When an incident of police brutality against a Black person in the United States is captured on video, the aftermath follows a pattern. Activists, members of the community, and certain writers say that American policing and police discipline are fundamentally flawed. They say that the way drug possession charges and civil-infraction tickets are pursued in low-income neighborhoods constitutes discrimination against people of color. Sometimes they discover evidence of explicit racism on the part of officers who’ve been accused of brutality, which they say is evidence of a rotten system. (The Google search for “police officer posted picture of Obama monkey” returns news stories from multiple states.)
In response, elected officials, police chiefs, and certain other writers say that most police officers are decent people doing a tough job to the best of their ability. They say that while acts of brutality should be condemned and punished, existing mechanisms are an adequate means of doing so. They say that the American system of policing is basically just and effective, not intrinsically discriminatory, and that the country’s police departments are not run by officers who hold personally racist views and are predisposed to violence.
This year’s presidential election makes for an interesting natural experiment to test which group’s viewpoint is correct. One of the candidates, Joe Biden, is critical of officers who perpetrate unjustified shootings and beatings, and supportive of peaceful protests against overpolicing. But he says that “most cops are good, decent people.” He believes that the existing levels of police funding should be maintained. He does not believe that “qualified immunity” laws should be changed to allow for easier prosecution of police brutality. One of his most significant achievements as a senator was the 1994 crime bill, which provided federal funding for hiring new officers. He served in a presidential administration that, by the standards of presidential administrations, was exceptionally clean and law-abiding.
The other candidate, Donald Trump, has a history of making racist comments about nonwhite people. (A new one was uncovered in a book published last month.) A number of those comments indicate a belief that predominately Black and Latino countries and communities are intrinsically undesirable places to live. He was accused—by the Nixon administration!—of systematically discriminating against Black tenants as a landlord. As a private citizen he fraternized with Mafia figures, worked closely with a convicted drug trafficker and a convicted racketeer, and sold apartments to an impressive number of organized crime leaders. He’s made supportive comments about a white supremacist rally, hired white nationalists in his administration, and defended a white member of a “militia” who recently shot three protesters in Kenosha, Wisconsin, killing two. Two of the most notable chapters of his pre-presidential public life involved him making false accusations against Black people. He’s encouraged police officers to smash suspects’ heads against the sides of their cars, which is illegal. A number of his political advisers and associates have been convicted of crimes. A majority of voters believes that he, himself, has committed crimes in the past.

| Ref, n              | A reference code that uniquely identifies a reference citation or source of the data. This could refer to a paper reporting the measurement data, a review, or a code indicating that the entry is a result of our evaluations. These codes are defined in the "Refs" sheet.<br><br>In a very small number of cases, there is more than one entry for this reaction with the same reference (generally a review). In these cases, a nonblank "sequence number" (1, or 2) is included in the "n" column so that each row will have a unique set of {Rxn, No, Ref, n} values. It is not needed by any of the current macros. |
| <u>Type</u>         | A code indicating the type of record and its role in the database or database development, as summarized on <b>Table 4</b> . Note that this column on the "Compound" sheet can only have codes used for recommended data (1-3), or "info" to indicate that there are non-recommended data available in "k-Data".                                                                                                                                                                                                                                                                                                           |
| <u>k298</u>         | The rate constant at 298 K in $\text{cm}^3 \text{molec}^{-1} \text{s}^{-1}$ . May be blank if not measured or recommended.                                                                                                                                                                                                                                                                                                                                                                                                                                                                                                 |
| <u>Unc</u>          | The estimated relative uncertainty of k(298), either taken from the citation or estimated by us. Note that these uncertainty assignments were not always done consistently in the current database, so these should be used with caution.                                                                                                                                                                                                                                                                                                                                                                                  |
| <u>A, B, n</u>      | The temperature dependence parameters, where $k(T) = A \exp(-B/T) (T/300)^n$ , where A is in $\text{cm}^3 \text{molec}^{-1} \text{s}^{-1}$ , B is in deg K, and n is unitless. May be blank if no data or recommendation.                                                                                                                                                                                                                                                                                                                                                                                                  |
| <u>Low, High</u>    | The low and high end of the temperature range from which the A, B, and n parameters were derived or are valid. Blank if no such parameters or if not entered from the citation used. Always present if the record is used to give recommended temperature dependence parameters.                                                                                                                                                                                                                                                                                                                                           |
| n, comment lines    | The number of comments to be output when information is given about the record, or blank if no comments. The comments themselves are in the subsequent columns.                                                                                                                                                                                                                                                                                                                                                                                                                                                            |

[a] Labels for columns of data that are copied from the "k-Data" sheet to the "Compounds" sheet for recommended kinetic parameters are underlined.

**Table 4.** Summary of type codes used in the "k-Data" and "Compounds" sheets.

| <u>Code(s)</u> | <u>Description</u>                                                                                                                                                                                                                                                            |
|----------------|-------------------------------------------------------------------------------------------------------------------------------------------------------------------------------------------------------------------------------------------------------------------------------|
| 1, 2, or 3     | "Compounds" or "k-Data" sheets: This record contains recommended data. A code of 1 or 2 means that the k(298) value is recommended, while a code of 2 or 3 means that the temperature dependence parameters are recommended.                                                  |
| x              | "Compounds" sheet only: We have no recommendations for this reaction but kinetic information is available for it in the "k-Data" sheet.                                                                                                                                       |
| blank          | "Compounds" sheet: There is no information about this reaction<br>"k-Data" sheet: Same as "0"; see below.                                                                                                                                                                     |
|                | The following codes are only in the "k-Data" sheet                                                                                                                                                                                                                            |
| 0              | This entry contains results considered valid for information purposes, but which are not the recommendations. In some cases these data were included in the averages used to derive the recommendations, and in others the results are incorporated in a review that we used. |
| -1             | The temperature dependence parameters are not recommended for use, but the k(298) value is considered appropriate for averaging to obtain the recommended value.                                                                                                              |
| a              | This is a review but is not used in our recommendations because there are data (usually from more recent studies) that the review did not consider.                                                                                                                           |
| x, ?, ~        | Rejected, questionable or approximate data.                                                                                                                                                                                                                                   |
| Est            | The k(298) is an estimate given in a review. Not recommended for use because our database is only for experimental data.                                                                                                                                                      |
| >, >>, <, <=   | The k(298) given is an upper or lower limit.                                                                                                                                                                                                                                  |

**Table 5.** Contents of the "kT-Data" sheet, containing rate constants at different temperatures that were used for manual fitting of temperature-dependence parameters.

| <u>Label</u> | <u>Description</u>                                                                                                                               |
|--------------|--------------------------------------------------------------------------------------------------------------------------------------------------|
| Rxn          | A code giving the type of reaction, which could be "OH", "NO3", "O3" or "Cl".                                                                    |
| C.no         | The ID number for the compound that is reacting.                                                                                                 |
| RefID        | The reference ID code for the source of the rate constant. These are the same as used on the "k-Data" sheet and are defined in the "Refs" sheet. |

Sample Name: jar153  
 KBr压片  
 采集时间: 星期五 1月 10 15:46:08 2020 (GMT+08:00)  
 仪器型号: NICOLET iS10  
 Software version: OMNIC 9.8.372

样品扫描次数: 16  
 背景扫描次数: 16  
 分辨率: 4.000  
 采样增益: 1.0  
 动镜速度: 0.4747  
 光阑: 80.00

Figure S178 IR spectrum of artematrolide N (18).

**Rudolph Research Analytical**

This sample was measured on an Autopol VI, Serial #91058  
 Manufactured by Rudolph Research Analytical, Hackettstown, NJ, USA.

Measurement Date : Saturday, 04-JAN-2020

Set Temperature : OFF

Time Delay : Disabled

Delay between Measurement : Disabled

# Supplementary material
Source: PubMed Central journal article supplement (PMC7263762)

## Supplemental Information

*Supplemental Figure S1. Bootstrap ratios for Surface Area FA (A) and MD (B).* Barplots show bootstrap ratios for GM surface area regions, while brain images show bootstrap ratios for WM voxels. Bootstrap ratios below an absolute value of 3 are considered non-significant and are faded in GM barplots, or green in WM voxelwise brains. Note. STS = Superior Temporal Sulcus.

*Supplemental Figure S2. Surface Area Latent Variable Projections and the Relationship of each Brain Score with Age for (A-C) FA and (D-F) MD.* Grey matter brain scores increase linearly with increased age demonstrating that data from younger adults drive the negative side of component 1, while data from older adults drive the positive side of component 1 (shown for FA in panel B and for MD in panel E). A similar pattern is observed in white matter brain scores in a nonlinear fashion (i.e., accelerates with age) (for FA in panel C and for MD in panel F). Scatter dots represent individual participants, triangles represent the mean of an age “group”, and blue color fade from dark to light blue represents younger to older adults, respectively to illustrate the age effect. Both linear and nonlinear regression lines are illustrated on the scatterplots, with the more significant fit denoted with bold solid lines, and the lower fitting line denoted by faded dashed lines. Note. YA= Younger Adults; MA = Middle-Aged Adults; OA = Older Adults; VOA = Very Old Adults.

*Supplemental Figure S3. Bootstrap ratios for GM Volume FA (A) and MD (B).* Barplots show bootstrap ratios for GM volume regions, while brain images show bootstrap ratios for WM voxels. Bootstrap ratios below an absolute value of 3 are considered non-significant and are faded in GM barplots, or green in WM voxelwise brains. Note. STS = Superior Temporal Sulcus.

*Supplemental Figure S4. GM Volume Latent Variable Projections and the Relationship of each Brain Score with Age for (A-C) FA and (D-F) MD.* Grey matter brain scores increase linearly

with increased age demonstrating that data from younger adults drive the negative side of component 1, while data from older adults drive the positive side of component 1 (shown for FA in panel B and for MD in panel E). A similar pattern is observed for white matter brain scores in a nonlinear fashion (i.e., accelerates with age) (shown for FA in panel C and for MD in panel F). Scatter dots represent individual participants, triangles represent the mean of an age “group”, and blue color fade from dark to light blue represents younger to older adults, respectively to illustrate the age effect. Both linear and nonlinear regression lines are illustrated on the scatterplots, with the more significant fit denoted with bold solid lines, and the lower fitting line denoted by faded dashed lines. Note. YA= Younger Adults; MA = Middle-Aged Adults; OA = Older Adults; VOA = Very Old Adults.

Which side are the police on? Do they favor the candidate who believes law enforcement basically means well, as long as it keeps working to “root out the bad apples” in police departments? Or the candidate with a record of supporting criminal behavior, extrajudicial violence, and racism—and of celebrating the bad apples?
The country’s largest municipal police union (the Police Benevolent Association of the City of New York) picked the latter candidate; its leader, Patrick Lynch, spoke at the Republican convention. On Friday, the largest national police organization, the Fraternal Order of Police, announced that it was endorsing Trump on behalf of its 355,000 members as well.
The police say that they want members of minority communities to believe the officers patrolling their neighborhoods are motivated by the principle of upholding the law and that they do not, as a general rule, hold or condone racist beliefs. Those officers also keep choosing to endorse Donald Trump.
In his convention remarks, which were broadcast on a night during which Trump gave a campaign speech on the lawn of the White House, which is illegal, Lynch said that he and other officers “cannot afford” to have someone like Biden in office. What does it say about American policing if that’s actually true?
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